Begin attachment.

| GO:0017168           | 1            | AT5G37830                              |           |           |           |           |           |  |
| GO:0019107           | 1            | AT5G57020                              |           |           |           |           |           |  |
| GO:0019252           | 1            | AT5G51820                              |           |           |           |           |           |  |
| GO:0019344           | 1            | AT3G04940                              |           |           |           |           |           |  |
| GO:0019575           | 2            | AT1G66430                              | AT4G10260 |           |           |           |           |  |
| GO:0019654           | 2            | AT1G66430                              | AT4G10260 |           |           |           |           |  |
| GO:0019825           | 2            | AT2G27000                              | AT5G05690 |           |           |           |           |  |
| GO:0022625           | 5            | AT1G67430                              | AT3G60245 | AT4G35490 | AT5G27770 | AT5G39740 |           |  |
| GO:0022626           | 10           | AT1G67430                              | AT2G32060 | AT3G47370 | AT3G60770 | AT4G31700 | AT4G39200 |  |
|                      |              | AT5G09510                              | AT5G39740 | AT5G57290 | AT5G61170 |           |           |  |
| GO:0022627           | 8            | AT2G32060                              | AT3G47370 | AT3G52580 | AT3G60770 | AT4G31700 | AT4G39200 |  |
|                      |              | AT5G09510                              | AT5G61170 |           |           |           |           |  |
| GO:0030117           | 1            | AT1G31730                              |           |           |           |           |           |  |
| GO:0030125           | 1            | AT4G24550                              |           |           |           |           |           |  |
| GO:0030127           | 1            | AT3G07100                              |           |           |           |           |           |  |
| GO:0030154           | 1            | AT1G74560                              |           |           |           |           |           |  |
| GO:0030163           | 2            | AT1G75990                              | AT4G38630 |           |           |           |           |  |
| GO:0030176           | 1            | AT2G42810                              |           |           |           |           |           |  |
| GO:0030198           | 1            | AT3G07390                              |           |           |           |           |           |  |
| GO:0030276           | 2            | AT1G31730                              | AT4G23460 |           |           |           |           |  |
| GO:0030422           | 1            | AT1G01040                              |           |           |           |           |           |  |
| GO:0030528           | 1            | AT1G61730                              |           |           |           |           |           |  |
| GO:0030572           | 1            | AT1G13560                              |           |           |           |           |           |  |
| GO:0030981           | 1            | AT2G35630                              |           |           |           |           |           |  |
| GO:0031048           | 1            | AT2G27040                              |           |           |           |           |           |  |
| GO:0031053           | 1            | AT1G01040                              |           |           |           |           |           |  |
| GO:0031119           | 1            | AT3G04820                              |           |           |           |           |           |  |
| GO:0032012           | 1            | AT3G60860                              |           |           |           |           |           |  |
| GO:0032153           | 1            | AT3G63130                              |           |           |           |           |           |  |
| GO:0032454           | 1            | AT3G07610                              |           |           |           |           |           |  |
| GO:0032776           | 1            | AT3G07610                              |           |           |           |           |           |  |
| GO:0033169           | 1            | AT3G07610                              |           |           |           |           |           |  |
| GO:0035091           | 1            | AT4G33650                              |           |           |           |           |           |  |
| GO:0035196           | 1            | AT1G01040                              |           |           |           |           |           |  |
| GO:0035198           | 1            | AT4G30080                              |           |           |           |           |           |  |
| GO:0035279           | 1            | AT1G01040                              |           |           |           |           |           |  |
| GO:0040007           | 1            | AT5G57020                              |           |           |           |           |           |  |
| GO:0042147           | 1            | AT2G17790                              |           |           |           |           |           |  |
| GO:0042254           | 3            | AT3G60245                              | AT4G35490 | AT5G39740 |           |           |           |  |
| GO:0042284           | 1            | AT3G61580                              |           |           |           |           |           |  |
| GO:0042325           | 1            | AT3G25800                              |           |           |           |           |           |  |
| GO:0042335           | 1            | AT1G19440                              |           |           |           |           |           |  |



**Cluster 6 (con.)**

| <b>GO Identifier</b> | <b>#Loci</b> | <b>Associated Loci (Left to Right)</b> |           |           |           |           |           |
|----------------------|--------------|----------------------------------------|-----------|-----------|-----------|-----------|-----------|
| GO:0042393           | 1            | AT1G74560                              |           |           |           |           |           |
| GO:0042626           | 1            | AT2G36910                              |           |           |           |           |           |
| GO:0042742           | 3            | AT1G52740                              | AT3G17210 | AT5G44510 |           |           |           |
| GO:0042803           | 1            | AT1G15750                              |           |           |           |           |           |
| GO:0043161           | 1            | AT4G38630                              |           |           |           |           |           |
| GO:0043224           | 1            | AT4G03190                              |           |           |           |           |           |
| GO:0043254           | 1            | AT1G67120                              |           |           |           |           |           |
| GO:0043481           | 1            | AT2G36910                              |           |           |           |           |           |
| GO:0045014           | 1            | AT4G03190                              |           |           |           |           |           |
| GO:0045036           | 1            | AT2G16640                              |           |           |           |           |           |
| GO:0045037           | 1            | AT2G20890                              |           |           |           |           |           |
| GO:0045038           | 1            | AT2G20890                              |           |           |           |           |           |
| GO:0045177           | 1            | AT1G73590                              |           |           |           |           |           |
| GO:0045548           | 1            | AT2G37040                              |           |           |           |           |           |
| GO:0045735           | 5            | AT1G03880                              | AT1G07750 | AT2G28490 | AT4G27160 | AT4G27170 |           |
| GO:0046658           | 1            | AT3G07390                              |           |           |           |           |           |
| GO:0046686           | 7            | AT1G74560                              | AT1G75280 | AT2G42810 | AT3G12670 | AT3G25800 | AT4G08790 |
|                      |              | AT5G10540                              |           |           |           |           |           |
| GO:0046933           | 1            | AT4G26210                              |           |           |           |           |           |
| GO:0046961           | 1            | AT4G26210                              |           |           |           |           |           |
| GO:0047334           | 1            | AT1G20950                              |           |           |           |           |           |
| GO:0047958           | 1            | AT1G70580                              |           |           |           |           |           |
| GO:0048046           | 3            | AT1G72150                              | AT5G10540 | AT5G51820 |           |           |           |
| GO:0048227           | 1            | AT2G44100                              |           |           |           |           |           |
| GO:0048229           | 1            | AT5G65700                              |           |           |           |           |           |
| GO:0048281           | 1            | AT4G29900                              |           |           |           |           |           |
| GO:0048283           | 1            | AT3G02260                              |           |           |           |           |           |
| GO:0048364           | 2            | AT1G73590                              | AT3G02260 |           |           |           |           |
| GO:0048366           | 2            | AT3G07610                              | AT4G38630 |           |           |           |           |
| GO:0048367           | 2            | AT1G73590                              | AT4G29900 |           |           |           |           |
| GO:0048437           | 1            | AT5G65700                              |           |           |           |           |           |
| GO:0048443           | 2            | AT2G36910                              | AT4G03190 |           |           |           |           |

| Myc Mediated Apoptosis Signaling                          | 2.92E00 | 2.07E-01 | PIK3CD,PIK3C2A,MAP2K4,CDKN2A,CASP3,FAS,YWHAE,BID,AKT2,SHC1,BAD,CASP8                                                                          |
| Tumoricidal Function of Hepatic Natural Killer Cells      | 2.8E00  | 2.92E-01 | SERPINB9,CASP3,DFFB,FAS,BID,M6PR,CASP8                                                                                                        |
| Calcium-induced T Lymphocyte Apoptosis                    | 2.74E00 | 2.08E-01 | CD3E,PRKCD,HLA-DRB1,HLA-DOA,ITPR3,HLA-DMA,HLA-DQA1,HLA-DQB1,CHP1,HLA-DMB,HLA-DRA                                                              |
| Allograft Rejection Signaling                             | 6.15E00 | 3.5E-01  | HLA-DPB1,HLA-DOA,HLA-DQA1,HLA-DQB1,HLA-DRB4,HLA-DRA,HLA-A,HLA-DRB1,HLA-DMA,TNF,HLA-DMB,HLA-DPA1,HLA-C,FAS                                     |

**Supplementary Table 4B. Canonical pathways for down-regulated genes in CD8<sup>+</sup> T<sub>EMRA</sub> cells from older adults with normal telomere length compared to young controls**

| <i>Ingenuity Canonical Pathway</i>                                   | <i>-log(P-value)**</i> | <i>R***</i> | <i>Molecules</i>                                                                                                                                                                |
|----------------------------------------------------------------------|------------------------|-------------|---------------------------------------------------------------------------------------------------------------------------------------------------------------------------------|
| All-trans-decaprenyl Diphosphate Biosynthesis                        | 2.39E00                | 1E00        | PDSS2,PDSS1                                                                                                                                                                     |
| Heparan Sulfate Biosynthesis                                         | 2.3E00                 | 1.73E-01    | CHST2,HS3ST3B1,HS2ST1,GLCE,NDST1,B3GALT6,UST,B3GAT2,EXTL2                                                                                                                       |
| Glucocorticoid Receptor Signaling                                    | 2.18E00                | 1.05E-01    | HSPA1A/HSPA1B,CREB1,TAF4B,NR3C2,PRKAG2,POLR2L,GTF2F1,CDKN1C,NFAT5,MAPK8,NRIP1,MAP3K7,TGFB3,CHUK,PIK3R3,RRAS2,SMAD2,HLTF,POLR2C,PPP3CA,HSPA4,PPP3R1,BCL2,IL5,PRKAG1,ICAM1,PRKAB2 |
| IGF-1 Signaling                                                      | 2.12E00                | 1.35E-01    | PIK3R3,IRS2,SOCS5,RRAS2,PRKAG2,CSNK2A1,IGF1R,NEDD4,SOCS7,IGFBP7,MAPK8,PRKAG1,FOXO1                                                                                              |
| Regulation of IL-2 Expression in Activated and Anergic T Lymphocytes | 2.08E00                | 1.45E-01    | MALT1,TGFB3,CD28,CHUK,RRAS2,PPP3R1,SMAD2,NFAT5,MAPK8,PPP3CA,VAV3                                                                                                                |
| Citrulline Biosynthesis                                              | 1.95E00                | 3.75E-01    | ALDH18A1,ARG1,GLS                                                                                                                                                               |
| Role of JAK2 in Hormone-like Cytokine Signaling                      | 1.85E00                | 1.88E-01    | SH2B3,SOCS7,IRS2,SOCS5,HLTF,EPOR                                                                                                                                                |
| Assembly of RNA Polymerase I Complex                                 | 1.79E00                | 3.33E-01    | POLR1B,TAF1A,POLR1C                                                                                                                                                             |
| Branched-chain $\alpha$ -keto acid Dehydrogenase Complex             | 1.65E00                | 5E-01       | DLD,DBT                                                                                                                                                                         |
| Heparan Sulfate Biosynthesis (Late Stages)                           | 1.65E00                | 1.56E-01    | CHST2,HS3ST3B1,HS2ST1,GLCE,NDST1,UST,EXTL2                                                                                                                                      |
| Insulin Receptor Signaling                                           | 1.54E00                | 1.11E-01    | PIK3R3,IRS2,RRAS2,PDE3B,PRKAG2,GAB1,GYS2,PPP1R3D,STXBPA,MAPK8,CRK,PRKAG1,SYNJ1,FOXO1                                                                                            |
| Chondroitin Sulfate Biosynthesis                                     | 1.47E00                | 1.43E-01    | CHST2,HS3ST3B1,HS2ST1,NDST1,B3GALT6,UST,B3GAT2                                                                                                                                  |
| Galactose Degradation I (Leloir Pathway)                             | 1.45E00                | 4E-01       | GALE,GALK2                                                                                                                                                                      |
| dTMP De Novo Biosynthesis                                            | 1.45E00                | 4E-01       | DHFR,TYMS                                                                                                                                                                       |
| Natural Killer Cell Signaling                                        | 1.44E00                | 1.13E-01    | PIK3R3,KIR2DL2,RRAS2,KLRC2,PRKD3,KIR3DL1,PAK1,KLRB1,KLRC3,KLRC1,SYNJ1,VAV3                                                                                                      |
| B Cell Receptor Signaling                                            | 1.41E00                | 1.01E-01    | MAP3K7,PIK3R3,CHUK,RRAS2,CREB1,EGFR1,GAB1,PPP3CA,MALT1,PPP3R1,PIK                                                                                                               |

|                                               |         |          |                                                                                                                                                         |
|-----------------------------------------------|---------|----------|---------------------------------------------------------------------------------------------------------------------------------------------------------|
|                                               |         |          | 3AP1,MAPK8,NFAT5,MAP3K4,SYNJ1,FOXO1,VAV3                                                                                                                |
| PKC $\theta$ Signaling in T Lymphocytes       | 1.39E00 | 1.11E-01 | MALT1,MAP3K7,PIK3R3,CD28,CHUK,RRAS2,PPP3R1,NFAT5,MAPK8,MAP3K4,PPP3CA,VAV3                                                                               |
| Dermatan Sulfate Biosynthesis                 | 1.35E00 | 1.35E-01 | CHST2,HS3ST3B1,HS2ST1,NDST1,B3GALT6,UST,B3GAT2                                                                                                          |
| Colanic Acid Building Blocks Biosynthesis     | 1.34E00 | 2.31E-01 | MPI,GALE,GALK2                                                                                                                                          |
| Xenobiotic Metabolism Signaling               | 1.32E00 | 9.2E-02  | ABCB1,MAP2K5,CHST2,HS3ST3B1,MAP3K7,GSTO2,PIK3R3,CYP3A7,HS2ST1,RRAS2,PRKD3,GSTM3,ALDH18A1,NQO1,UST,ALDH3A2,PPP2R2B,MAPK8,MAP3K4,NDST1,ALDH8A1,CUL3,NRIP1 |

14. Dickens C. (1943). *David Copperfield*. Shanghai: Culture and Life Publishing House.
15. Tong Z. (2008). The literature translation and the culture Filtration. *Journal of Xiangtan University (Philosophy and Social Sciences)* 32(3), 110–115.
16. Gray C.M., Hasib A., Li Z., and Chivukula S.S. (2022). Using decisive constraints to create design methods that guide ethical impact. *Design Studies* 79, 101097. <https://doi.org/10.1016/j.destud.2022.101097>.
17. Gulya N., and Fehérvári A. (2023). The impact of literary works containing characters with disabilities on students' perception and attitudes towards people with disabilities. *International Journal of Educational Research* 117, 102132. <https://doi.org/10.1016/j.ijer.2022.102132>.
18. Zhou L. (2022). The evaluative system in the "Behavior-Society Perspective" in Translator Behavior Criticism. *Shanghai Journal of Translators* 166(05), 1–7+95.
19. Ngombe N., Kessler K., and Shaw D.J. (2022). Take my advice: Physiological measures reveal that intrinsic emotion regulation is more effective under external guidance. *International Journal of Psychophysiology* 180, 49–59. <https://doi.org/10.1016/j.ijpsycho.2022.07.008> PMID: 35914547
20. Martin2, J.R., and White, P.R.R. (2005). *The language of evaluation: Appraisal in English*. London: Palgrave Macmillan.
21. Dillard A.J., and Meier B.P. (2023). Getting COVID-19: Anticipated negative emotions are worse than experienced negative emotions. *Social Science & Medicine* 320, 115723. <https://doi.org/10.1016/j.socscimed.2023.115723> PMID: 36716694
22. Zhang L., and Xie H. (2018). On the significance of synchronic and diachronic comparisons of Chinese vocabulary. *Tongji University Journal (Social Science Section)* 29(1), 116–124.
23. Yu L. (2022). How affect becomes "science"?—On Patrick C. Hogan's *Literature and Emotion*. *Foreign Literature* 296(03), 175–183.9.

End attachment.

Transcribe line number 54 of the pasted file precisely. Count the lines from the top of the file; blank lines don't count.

| GO:0045014           | 1            | AT4G03190                              |           |           |           |           |           |